Abercrombie Settles Employment Suit Over “Look Policy”

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Abercrombie Settles Employment Suit Over “Look Policy”

by Christina M. Michelson on October 4, 2013

Abercrombie & Fitch, which recently made headlines when CEO Mike Jeffries stated the

company did not want overweight people wearing its brand, has settled two employment suits over its controversial “Look Policy.” The latest black mark against the clothing retailer comes amidst declining sales and a growing public image problem.

The bias lawsuits both challenged Abercrombie’s employee policies discriminated against Muslim teens who sought to wear religious headscarves while working. In one case, a Muslim employee was terminated after four months on the job because she refused to remove her hijab. In another, Abercrombie refused to hire an applicant due to her headscarf and specifically asked if she was Muslim.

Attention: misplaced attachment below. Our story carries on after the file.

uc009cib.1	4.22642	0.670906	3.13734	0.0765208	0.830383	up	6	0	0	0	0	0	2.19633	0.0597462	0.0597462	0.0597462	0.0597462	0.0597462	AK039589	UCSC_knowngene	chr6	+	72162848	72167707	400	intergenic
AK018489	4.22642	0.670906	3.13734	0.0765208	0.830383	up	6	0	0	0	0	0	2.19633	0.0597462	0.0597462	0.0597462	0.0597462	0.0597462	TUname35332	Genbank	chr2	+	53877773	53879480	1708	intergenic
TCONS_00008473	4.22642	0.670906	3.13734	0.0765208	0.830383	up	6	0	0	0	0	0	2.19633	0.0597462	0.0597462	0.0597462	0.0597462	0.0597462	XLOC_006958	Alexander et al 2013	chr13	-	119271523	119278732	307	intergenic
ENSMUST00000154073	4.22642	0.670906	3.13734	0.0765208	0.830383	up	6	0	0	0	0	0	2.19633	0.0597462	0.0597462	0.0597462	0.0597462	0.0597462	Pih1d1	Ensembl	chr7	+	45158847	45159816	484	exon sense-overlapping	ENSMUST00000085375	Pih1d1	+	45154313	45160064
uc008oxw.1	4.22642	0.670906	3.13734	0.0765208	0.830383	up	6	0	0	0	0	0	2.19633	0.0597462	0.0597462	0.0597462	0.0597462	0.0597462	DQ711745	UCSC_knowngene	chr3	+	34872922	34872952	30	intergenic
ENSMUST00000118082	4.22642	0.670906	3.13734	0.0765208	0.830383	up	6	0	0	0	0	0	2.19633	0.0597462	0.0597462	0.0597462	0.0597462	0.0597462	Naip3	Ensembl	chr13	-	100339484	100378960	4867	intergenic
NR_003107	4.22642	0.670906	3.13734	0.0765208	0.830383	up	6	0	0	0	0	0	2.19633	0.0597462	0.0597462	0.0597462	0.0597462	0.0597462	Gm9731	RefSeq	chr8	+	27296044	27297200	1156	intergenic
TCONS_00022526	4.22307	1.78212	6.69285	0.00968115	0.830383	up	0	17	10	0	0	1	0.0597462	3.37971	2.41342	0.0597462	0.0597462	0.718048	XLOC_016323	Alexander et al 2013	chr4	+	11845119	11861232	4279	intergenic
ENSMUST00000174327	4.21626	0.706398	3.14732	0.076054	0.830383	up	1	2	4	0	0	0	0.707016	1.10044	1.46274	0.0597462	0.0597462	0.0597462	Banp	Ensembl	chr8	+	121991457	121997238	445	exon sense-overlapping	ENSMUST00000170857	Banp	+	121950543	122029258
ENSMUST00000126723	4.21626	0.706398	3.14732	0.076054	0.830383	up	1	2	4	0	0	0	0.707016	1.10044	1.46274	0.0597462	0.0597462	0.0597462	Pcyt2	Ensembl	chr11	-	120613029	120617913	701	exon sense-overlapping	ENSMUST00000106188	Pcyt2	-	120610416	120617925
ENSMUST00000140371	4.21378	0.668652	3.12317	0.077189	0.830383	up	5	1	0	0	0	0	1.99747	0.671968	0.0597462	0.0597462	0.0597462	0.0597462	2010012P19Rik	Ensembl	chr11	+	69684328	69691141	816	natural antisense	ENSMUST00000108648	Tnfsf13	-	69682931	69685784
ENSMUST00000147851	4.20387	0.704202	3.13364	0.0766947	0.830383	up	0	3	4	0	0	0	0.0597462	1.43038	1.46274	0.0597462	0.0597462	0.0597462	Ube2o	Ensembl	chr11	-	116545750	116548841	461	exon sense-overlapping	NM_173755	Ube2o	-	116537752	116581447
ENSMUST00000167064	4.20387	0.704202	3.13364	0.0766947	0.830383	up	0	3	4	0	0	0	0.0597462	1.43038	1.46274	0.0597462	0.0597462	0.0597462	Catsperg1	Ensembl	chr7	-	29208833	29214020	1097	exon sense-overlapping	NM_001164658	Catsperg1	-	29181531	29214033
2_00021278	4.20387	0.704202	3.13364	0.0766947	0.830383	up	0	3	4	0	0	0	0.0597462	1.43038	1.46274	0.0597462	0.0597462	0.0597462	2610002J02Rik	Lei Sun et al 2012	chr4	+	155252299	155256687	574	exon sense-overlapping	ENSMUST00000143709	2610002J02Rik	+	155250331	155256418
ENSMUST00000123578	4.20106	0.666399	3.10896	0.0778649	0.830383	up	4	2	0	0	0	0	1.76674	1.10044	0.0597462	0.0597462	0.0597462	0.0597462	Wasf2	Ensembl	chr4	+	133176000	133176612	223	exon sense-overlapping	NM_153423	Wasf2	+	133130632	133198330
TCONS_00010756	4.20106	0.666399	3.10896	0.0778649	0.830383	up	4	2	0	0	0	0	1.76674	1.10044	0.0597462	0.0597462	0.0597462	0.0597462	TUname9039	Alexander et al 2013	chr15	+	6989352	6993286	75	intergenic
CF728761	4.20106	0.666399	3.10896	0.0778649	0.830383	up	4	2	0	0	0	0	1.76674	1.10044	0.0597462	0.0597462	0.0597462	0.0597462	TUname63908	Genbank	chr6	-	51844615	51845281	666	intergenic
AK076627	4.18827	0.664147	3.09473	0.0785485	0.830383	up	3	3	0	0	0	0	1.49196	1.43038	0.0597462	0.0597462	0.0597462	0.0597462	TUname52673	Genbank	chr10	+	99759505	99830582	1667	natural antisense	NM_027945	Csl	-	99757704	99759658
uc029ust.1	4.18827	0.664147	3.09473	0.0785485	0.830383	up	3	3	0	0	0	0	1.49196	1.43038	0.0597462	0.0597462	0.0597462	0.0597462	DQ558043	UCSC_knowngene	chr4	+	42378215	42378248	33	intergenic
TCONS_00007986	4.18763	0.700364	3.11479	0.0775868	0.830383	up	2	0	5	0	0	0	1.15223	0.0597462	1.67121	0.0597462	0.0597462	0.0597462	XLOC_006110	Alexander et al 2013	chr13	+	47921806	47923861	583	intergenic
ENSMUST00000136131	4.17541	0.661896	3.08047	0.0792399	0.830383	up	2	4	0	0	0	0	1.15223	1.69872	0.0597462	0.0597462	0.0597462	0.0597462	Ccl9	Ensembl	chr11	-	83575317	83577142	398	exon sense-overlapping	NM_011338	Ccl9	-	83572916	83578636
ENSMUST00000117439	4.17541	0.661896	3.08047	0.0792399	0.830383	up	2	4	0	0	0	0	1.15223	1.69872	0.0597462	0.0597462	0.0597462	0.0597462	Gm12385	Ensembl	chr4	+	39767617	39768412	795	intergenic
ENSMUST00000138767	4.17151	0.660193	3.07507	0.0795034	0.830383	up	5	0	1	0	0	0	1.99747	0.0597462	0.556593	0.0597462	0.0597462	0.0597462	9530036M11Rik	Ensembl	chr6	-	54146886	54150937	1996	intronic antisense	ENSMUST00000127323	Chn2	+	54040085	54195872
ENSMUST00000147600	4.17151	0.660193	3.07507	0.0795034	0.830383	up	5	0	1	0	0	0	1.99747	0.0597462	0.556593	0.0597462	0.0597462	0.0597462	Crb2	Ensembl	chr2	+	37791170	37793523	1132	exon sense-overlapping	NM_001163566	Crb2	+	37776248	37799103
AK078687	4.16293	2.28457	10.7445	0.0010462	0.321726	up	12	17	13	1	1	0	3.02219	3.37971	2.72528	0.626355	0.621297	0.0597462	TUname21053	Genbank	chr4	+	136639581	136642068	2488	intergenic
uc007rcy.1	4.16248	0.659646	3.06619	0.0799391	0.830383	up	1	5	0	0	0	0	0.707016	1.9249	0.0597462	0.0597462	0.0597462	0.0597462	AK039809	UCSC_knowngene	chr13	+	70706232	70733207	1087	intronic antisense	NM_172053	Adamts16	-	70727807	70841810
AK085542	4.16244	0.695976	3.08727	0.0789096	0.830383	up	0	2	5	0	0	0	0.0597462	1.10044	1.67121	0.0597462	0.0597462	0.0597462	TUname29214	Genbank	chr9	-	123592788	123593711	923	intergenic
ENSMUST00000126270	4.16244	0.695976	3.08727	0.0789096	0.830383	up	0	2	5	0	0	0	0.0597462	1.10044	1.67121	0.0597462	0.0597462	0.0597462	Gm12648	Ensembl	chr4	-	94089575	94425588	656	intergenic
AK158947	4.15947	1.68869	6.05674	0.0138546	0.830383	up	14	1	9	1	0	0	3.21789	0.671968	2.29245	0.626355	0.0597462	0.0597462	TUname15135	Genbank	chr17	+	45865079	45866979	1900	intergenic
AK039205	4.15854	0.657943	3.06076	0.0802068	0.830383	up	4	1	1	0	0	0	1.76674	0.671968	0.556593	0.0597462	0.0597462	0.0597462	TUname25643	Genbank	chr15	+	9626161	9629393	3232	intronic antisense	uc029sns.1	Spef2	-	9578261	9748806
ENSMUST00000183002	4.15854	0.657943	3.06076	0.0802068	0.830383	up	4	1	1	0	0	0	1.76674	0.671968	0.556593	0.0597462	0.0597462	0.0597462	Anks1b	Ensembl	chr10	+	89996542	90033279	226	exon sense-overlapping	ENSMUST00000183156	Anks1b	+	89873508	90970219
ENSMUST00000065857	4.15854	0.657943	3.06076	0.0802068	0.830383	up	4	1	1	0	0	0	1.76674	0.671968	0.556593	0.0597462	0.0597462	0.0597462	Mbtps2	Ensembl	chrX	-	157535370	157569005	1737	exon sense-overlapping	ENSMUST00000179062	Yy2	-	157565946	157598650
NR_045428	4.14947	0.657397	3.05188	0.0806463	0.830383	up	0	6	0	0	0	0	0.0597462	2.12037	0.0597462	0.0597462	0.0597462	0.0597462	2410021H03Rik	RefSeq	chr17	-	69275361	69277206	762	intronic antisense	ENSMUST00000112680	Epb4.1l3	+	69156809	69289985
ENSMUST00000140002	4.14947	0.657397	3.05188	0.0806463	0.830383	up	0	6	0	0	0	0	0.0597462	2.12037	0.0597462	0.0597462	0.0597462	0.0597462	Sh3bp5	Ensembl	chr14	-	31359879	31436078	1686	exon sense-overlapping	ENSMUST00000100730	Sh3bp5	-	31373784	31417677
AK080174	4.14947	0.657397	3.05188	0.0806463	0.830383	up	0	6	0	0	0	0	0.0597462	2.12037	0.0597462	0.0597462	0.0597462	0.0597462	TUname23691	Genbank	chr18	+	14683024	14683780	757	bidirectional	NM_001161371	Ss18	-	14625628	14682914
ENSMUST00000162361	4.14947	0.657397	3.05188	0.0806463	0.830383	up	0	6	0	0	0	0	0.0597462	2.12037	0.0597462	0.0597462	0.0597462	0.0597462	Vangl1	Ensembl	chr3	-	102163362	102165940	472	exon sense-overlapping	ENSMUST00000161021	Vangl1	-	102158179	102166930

The suits specifically allege that Abercrombie’s actions violate Title VII of the Civil Rights Act of 1964, which prohibits discrimination based on religion and requires employers to

accommodate the sincere religious beliefs or practices of employees unless doing so

would impose an undue hardship on the business.

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Published In: Business Organization Updates, Civil Rights Updates, Labor & Employment Updates, Privacy Updates

DISCLAIMER: Because of the generality of this update, the information provided herein may not be applicable in all situations and should not be acted upon without specific legal advice based on particular situations.

© Christina Michelson, Scarinci Hollenbeck, LLC | Attorney Advertising

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